Heritage Center is a space for change... literally

Spring 2011 Red Cloud Country

A $100,000 grant from Leveraging Investments in Creativity (LINC), a partner of the Ford Foundation, will allow The Heritage Center to plan for programmatic enhancements and modifications to its historic building, all while strengthening its relationship with the Pine Ridge Indian Reservation. The Center was among 12 grantees out of 700 applicants nationwide whose projects were selected by LINC.

LINC’s Space for Change program provides organizations with funds to do the critical planning necessary to turn an ordinary artistic space into a living, breathing facility. Risë Wilson, program manager at LINC, says the projects that proved outstanding were rooted not only in the internal needs of the organization, but also took into account the role of the cultural facility as an essential community asset.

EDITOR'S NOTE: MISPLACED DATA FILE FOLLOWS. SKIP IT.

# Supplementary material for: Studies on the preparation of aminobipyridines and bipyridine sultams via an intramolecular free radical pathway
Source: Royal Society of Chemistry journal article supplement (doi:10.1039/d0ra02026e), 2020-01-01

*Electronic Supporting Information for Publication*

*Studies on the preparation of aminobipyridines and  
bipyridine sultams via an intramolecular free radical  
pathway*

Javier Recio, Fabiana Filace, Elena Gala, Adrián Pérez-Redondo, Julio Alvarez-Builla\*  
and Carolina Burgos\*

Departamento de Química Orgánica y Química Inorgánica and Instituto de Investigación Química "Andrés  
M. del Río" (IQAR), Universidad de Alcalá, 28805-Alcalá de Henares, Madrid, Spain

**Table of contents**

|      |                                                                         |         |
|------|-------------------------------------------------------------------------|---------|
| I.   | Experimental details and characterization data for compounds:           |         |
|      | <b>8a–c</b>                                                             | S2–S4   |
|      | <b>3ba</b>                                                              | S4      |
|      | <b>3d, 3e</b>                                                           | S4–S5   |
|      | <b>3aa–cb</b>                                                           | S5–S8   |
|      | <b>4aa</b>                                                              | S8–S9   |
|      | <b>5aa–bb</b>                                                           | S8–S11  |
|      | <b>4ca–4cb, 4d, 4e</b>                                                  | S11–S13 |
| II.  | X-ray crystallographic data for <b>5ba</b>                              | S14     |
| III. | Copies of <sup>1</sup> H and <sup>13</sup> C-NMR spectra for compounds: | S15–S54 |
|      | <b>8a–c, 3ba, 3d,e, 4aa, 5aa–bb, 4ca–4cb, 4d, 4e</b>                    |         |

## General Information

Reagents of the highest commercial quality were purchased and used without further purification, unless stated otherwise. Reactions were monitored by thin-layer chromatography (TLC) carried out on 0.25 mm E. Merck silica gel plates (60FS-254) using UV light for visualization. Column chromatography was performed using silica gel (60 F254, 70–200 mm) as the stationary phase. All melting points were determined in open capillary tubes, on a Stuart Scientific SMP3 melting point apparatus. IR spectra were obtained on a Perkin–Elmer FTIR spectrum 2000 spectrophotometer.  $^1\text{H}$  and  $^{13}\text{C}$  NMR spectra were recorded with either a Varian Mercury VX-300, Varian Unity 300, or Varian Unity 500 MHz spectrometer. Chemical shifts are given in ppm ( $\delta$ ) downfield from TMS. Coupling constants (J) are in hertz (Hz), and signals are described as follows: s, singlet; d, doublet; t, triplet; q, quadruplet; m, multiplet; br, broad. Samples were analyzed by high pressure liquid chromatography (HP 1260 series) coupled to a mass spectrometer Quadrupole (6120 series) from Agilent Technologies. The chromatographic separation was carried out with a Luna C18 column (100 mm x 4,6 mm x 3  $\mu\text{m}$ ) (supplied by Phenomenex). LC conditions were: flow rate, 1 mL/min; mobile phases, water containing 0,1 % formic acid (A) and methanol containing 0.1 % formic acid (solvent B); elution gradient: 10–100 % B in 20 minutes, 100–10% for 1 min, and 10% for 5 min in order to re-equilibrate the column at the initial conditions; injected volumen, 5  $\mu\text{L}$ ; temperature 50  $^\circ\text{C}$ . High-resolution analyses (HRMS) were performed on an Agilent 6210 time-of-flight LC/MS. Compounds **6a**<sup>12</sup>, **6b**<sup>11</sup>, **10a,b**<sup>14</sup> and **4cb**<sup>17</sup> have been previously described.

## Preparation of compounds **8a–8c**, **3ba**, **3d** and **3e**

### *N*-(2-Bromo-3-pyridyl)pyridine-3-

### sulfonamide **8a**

“This was definitely present in The Heritage Center’s proposal.”

Wilson also notes the program is about much more than providing funding support—it offers a range of opportunities for peer-to-peer learning by connecting artists and organizations.

Just off the heels of a comprehensive cataloguing of its collection of contemporary Native art and historical Lakota art, The Heritage Center will leverage the grant to evaluate and plan for programmatic enhancements and modifications to the historic building it calls home. The Center will address expanding and creating artist work and performance spaces, and specific environmental controls to better protect and display its irreplaceable artwork, an incalculable loss to the nation’s heritage if not properly preserved.

Creating a physical location suitable to archive these cultural treasures is a critical priority, notes Peter Strong, director of The Heritage Center. The program will also help grantees plan methodically and create more than just buildings, but dynamic engines of culture and change, says Judilee Reed, executive director at LINC.

“These grants invest in the vision of compelling projects that will ultimately benefit not just artists, but a larger geographic community as well,” she says.

And that’s the goal, says Strong.

“It is a special opportunity for our organization to continue to strengthen our relationship with the Pine Ridge Reservation, actively engaging the local Lakota community in programs that foster cultural, artistic awareness, appreciation and economic development,” he says.